Figure 55.1 (a) Thin and (b) thick clients.
Although, in principle, a CIS integrates all patient data, in practice hardware constraints can mean that some elements of patient data may not always be incorporated. This may be due, for example, to the lack of compatible interfaces to enable critical care equipment to communicate with the CIS, or due to the resolution of screens being insufficient to display X-rays in sufficient detail. While the vision may be of a unified repository of all clinical data, therefore, this may not always be achieved. Nevertheless it is possible to identify a CIS as comprising a number of components that are present to a greater or lesser degree in most systems.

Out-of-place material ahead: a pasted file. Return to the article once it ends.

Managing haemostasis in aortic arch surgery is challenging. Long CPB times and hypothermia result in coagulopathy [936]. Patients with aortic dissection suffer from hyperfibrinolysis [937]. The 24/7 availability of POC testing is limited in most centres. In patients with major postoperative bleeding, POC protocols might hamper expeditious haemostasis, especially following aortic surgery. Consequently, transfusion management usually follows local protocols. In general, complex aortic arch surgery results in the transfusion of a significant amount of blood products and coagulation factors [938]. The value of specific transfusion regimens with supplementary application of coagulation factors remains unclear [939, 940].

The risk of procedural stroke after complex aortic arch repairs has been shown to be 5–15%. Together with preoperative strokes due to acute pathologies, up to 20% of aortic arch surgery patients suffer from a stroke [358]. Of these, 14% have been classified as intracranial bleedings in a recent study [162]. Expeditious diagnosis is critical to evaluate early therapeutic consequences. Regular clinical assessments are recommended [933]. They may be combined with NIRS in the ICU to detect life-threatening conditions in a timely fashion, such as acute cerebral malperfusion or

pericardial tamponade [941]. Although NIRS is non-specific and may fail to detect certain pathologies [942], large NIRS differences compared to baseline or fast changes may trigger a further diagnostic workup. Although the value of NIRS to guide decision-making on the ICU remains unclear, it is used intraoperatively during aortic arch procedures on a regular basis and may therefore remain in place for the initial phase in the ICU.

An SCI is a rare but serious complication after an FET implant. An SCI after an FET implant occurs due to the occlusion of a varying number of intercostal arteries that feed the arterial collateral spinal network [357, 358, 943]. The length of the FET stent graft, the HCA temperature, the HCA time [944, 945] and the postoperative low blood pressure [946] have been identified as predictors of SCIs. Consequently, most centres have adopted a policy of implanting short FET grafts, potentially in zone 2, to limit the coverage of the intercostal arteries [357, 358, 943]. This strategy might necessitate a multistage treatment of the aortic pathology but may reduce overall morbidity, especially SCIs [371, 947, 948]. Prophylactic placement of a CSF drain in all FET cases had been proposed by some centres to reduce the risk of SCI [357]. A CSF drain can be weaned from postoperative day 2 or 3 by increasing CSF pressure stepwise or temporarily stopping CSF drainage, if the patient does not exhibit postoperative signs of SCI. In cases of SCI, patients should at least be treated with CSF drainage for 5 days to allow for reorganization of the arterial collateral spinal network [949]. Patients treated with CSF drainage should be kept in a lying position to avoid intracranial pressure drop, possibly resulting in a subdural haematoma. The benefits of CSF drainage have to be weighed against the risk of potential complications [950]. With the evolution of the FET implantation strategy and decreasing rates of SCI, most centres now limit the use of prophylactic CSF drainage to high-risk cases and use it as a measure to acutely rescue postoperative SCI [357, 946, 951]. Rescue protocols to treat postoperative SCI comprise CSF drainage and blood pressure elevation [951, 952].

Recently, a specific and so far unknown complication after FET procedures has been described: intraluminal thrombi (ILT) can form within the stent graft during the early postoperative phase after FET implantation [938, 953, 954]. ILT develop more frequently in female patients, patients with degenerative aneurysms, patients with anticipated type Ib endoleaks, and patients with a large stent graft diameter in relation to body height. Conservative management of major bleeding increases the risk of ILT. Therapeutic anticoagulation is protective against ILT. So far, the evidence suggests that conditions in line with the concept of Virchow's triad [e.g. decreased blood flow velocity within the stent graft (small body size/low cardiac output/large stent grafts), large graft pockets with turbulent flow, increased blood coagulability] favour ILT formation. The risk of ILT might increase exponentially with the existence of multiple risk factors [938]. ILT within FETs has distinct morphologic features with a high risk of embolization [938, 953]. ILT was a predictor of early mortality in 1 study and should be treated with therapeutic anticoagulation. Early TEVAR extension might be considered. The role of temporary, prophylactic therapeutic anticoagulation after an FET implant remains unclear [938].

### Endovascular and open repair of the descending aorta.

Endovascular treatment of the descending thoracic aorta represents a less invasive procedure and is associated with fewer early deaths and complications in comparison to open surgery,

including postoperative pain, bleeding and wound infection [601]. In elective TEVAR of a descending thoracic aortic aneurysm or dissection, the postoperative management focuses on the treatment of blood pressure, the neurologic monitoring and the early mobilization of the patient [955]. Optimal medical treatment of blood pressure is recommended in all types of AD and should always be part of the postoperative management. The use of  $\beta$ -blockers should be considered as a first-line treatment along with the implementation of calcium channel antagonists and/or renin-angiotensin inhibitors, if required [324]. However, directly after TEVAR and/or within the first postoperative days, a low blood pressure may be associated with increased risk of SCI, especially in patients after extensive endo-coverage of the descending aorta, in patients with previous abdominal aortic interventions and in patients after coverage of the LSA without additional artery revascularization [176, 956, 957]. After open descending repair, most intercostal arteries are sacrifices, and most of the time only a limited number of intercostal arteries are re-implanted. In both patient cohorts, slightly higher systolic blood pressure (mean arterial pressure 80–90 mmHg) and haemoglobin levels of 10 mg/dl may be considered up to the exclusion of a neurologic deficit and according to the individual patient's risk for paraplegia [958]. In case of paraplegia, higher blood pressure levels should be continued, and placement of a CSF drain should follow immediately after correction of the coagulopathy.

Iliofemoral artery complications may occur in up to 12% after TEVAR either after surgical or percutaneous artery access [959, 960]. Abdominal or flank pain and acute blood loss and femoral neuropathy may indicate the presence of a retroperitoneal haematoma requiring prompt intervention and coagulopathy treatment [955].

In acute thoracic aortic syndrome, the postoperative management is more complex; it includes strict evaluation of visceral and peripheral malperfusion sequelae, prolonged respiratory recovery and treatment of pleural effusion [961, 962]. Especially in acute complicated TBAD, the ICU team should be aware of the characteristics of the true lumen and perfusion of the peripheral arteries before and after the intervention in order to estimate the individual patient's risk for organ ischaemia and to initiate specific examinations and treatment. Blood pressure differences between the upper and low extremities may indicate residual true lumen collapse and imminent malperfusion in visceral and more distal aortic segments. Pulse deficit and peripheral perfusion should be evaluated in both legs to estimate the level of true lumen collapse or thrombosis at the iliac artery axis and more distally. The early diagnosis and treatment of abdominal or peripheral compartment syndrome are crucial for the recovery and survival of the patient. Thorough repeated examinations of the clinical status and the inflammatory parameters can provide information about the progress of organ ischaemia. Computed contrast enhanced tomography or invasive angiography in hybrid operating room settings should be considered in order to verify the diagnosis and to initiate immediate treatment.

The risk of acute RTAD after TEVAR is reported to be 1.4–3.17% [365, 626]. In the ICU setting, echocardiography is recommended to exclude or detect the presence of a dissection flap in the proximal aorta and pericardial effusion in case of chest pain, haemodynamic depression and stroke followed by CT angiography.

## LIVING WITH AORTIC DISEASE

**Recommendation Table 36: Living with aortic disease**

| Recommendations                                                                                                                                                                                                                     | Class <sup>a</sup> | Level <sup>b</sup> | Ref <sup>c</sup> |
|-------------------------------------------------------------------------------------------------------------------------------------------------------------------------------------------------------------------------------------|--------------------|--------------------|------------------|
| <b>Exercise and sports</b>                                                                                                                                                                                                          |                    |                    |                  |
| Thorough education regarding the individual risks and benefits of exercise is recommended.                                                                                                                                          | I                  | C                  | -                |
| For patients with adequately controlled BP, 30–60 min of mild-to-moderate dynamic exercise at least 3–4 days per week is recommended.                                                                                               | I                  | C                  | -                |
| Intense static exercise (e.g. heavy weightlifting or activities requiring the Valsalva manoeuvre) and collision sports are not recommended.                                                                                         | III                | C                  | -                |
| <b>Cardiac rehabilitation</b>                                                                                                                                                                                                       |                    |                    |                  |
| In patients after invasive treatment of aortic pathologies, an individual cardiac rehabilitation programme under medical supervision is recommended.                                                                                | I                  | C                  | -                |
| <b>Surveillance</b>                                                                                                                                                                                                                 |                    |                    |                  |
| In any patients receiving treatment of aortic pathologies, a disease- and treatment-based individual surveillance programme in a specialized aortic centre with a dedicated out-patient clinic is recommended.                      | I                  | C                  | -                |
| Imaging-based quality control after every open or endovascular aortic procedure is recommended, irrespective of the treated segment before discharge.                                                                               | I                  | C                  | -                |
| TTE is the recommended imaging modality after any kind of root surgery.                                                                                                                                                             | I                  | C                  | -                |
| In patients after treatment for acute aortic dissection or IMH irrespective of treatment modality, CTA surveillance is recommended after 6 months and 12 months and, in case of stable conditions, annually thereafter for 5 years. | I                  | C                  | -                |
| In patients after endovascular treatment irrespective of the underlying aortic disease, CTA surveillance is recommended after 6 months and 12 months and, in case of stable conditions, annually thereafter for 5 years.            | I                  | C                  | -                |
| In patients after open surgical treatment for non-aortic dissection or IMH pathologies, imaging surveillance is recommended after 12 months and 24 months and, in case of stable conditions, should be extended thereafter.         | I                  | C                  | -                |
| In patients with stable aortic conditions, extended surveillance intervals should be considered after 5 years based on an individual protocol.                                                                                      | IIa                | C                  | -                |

The core component of a CIS is an electronic medical record, a database containing a variety of forms of data about patients. Many of the data fields will be numeric, for example recording blood pressure or heart rate, and therefore readily capable of manipulation and analysis, but others may contain text, for example clinical notes, that are less easily analysed. There is a tendency for CIS to support numeric data entry in preference to free text, and thereby to promote a more systematic and standardised approach to recording clinical care. Textual data may be translated into numbers, for example by offering a pick list of common options to be selected from (option1, option2. … , optionn), while perhaps retaining the possibility of free text entry for non-standard cases. Electronic records also avoid problems of legibility of text entries and identify unambiguously who has written them (as individuals need to log in to the CIS to be able to enter data).